On a recent Thursday night, nearly every seat at the Silver Dollar’s prodigiously long bar was taken. Three bartenders cracked open beers, poured shots and mixed cocktails in a constant churn set to old-school country music that spilled out of the open front doors of the former Frankfort Avenue fire station.
Reading the Silver Dollar’s drinks menu, you can easily fall into the vortex of its endless bourbon list. Avoiding that rookie error, I placed an order for a Woolworth’s Manhattan. Its version of the classic bourbon and vermouth cocktail includes house-made bitters and Cynar, an Italian bitter liqueur based on artichokes.
The bartender measured each ingredient into a jigger before pouring it into a shaker, adding ice, stirring with a long-handled spoon and shaking the entire concoction vigorously. Before straining it into a rocks glass, she dipped a black plastic straw into the drink and captured a drop, testing it to make sure it was just right.
Walk into any reasonably ambitious restaurant in Louisville and you stand a good chance of witnessing a similar display. The cocktail revival has been going strong in larger cities for the past decade or so, but only in the last several years have bartenders in Louisville started studying the classics, making their own syrups and bitters, even carving their own ice.
The Corpse Reviver
Kyle Higgins, an amiable young man with short dark hair and longish stubble, sat at the bar at Meat, the cocktail lounge on Washington Street in Butchertown.
Meat is one of the city’s only cocktail-centric bars that’s not part of a restaurant. Its cocktail menu is arranged from simplest to most complex and from sweetest to driest, making it easier for the uninitiated to find a drink he or she will like, according to bar manager Marie Zahn.
Like most servers and bartenders, Higgins has worked a lot of gigs. Sometime in the last decade, he got tired of serving what he calls “disco drinks” — vodka and a mixer. “You never poured gin, you never poured whiskey,” he said.
But the revelation came when Higgins met Larry Rice and Jared Schubert, who built the bar program at 732 Social, the now-defunct East Market Street restaurant that, along with Proof on Main, helped introduce the new style of craft cocktails to Louisville.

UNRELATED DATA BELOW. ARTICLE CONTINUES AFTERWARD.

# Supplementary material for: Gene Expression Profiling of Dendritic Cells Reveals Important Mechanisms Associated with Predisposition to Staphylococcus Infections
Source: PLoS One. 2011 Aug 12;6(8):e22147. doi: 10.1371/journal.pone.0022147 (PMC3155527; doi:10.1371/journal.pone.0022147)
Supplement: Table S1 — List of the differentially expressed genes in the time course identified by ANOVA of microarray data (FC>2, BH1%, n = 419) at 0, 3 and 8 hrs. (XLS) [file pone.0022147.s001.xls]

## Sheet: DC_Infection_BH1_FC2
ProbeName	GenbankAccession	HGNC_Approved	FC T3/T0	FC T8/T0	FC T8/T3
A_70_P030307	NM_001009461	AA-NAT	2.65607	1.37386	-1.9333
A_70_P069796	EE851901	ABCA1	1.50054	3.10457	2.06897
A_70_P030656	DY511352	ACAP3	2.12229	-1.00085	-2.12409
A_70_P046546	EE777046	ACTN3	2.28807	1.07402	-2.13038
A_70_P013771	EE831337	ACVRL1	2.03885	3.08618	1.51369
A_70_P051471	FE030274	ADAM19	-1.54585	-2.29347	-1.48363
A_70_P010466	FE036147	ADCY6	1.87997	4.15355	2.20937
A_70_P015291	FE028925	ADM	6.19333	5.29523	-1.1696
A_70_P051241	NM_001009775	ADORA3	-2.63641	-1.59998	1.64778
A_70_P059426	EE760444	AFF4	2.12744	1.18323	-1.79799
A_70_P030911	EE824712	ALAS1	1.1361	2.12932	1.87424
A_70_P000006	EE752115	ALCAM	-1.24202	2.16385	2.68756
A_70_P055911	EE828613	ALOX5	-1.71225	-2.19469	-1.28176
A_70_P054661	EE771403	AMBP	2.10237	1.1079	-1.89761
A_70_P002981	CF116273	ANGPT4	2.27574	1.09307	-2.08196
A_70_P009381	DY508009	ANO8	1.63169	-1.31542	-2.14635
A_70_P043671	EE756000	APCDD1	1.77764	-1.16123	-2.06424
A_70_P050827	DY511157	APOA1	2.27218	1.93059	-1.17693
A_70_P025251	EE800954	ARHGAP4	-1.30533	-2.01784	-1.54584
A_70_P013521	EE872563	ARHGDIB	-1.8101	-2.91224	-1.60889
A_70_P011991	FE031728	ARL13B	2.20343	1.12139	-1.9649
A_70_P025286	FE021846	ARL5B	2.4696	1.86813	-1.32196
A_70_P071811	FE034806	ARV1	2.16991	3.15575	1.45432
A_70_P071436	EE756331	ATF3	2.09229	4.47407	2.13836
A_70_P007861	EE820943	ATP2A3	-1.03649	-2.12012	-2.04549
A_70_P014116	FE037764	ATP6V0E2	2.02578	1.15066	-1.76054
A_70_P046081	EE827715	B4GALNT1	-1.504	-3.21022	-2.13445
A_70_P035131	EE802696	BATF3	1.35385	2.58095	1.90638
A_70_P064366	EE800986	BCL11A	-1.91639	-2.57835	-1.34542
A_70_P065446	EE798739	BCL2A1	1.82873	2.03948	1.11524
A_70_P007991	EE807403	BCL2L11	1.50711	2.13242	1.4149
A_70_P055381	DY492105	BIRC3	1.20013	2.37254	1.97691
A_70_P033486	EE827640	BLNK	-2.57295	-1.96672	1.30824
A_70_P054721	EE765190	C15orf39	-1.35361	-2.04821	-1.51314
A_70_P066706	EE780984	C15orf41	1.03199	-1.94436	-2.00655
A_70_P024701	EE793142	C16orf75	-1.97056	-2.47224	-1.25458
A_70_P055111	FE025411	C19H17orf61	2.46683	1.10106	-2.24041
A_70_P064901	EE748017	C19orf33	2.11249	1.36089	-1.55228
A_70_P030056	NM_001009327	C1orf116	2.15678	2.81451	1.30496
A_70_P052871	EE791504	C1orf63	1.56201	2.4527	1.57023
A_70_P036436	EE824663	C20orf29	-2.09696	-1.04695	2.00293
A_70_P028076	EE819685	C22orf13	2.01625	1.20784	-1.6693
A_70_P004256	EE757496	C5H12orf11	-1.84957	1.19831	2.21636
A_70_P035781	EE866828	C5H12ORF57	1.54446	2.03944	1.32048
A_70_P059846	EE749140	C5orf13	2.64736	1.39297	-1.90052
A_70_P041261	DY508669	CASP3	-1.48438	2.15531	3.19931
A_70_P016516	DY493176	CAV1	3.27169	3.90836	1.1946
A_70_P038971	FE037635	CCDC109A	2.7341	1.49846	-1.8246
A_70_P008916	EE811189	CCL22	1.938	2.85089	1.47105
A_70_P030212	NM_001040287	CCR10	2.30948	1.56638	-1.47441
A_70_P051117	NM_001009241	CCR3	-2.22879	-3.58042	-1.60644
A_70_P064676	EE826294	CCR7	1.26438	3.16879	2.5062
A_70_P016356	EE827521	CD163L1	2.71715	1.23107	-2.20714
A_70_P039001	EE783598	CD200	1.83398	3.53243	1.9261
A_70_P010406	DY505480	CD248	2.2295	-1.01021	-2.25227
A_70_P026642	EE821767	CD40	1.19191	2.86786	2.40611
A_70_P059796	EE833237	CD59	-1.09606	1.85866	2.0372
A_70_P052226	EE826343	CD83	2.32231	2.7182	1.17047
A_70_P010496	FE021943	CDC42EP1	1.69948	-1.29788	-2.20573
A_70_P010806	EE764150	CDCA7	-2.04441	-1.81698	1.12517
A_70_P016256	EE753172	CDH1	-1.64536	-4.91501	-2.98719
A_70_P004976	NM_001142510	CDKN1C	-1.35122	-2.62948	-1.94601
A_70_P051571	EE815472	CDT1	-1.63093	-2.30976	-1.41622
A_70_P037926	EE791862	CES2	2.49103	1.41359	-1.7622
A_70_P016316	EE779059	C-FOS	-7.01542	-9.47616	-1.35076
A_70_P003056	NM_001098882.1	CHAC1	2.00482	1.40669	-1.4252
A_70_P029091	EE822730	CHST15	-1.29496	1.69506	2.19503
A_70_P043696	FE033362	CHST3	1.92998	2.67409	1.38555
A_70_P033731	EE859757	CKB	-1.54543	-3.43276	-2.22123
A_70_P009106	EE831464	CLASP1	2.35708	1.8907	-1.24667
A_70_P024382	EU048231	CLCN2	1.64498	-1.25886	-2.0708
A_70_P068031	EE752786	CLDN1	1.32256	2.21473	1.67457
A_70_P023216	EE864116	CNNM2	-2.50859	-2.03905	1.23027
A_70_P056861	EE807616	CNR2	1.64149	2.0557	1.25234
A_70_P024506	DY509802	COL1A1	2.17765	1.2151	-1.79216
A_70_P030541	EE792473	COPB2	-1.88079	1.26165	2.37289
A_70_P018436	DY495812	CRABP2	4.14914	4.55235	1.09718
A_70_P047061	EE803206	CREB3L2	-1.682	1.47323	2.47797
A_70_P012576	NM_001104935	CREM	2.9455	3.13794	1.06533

Schubert and Rice came from a standard bar background. “We started as shot and beer guys,” Schubert said. At the time, a few Louisville bars had rediscovered classic cocktails like the Manhattan and the Old Fashioned, places like Jockey Silks at the Galt House, Jack’s Lounge and the Old Seelbach Bar.
But when Schubert and Rice had the opportunity to build a cocktail list for 732 Social, they traveled to Chicago to see what was happening in the larger cities, where the craft cocktail movement was already well under way.
While in Chicago, Schubert and Rice went to the Violet Hour, widely regarded as one of the country’s best cocktail bars. They watched the bartenders at work, with their obsessive technique, elaborate recipes and rows of house-made bitters.
Schubert and Rice came back to Louisville and set about learning everything they could about cocktails from books, blogs and YouTube. “It was just trial and error at first,” Rice said. “We would make the same drink 100 times before we figured it out.”
When 732 Social opened in early 2009, Rice, Schubert and Higgins were at the vanguard of serving cocktails that were both complex and consistent. But for all their unusual ingredients, the cocktails at Social were built on classic recipes and Prohibition-era favorites like the Corpse Reviver.
Their attention to ice was particularly novel — many drinks were served with a large, hand-cut ball of perfectly clear ice in the glass. This wasn’t an affectation, Higgins explained. “It’s not just about temperature,” he said, but dilution. The size and higher density of hand-carved ice slow down the melting process, keeping the drink from becoming too watery.
The creative approach at Proof on Main and 732 Social also proved influential for other Louisville restaurants. “More than just providing a service, we were creating a cocktail community,” Higgins said.
The Carpetbagger Julep
“You can’t unlearn things, and people in this industry migrate — it becomes like an infectious disease,” said Josh Durr, who travels the country as a cocktail consultant and tends bar one night a week at the St. Charles Exchange on Seventh Street.
With the intensity of a connoisseur and the patter of a salesman, Durr described the spread of serious cocktails in the last several years. After the demise of 732 Social in fall 2011, “it just kind of branched off everywhere,” he said.
Durr sat at St. Charles’ long bar, which with its huge mirror and heavy dark wood, mimics the look of a turn-of-the-century hotel bar. Nattily dressed bartenders mixed drinks from the extensive menu of cocktails and punches with precision and unhurried grace.
There was a time — six or seven years ago — when Durr was one of the only bartenders in Louisville interested in what he calls craft cocktails.